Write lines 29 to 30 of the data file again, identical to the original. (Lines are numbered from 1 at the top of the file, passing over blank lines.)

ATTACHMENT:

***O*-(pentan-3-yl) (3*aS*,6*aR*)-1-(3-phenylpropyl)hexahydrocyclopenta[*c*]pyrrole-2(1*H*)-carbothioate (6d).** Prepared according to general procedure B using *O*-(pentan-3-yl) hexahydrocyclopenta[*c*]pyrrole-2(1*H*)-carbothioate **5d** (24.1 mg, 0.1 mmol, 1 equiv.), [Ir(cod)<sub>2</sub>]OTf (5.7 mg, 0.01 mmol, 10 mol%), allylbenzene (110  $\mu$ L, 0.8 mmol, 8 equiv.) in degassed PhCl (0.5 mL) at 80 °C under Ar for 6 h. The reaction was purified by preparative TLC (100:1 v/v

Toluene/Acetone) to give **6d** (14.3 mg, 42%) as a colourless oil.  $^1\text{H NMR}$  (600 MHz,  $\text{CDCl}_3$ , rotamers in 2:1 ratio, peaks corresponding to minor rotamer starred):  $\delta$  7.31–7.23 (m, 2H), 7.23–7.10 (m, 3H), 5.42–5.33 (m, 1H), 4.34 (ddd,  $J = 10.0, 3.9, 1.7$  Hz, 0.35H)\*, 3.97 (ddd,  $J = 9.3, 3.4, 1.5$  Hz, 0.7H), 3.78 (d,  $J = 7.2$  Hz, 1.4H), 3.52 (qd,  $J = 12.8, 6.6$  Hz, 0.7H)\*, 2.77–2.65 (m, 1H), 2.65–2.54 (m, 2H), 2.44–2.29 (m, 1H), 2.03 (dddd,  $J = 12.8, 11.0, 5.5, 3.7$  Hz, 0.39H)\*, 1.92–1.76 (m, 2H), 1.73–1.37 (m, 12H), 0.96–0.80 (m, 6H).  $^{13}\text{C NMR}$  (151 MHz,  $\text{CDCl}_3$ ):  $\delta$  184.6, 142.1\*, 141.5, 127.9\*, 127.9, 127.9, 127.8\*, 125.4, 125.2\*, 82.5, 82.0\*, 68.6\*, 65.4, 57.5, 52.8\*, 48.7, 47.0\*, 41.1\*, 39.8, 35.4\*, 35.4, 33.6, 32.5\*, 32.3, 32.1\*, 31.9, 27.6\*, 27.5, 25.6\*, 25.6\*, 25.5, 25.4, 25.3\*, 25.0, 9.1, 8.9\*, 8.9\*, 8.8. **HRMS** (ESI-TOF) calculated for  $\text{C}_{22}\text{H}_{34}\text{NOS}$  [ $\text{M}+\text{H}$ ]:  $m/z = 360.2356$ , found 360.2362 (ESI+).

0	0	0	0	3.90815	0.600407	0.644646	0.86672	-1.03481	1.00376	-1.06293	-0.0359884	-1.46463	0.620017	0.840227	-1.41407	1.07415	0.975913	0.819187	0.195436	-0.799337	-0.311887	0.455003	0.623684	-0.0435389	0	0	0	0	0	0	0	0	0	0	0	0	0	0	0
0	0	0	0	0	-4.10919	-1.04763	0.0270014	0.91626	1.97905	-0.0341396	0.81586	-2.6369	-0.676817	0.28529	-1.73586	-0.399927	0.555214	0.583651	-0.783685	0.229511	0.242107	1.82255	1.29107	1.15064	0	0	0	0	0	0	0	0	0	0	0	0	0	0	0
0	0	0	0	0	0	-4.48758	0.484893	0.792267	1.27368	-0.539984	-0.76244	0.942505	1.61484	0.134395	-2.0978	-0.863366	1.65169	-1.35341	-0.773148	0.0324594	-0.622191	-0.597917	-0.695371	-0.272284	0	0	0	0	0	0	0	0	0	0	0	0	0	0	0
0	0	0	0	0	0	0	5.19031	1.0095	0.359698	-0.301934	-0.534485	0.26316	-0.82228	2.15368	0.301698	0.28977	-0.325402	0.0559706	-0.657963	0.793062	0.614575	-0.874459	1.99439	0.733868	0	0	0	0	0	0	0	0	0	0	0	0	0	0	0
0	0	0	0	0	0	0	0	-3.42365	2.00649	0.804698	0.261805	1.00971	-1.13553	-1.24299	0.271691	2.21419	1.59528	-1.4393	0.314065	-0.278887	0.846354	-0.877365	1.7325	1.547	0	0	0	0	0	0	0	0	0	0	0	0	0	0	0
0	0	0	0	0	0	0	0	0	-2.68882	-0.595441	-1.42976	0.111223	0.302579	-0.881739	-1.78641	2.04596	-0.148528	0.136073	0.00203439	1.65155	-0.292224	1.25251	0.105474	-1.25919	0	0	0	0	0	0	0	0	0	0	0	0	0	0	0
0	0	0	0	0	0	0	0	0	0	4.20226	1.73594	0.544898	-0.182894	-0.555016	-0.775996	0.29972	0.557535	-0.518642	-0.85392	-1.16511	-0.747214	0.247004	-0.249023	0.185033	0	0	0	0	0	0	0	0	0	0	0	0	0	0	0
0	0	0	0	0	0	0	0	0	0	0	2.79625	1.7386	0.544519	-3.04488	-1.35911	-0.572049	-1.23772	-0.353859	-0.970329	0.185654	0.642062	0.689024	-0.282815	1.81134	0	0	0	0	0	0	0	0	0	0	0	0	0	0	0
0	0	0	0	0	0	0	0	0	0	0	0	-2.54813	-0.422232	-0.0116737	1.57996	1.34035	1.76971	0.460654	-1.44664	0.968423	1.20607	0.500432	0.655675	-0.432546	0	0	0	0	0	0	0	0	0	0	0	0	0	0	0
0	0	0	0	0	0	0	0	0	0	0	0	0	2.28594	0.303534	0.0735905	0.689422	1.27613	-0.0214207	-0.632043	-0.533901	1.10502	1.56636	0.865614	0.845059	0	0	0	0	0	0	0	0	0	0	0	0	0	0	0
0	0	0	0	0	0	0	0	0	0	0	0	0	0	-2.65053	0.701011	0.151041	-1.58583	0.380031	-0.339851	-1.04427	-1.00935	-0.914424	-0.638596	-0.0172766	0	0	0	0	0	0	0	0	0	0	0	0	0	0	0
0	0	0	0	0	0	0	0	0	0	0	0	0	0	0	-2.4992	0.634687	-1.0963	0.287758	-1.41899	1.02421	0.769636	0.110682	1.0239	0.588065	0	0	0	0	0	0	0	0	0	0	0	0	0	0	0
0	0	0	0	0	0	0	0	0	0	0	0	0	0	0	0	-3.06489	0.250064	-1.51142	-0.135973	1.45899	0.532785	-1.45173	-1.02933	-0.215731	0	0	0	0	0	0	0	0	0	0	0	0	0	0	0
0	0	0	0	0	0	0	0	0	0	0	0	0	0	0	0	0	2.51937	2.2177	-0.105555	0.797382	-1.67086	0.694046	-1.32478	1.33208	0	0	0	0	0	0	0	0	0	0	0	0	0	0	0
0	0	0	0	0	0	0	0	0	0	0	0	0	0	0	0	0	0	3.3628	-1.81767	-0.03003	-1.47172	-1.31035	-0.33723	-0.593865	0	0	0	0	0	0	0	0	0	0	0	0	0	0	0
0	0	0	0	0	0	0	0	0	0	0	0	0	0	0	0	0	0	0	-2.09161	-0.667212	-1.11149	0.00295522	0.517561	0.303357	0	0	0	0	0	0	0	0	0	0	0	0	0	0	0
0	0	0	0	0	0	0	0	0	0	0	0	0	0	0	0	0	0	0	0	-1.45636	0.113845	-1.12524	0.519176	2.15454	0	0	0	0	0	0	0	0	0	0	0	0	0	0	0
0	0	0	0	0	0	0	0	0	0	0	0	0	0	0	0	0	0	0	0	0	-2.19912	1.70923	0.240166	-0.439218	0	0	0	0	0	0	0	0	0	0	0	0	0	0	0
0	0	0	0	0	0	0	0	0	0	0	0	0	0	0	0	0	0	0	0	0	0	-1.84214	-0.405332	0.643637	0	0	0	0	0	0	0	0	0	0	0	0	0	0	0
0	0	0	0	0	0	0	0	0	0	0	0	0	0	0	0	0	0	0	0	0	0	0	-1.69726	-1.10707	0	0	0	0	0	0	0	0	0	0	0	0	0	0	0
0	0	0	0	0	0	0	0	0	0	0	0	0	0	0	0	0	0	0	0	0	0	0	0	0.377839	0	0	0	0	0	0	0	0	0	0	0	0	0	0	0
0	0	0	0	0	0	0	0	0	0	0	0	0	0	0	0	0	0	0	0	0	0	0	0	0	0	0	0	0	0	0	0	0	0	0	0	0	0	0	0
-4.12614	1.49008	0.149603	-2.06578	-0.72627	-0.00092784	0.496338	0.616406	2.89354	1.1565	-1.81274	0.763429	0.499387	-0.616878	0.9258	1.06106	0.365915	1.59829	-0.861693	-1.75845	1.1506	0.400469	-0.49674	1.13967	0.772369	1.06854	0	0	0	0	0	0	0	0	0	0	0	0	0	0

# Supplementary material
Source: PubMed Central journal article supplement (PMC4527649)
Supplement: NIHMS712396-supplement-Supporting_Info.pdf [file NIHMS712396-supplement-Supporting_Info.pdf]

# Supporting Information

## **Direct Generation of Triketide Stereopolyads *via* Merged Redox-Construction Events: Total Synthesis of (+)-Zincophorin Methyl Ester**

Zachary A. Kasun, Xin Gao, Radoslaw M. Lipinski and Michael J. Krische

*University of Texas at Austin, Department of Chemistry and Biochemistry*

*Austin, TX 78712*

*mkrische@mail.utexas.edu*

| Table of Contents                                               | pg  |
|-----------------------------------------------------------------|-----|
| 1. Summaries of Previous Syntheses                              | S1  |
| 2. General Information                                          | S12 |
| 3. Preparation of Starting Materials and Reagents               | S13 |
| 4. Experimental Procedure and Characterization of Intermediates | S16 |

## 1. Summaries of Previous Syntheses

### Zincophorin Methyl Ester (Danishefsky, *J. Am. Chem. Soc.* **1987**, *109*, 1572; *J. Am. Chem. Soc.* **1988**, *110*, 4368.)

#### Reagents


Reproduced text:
# Supporting Information

## **Direct Generation of Triketide Stereopolyads *via* Merged Redox-Construction Events: Total Synthesis of (+)-Zincophorin Methyl Ester**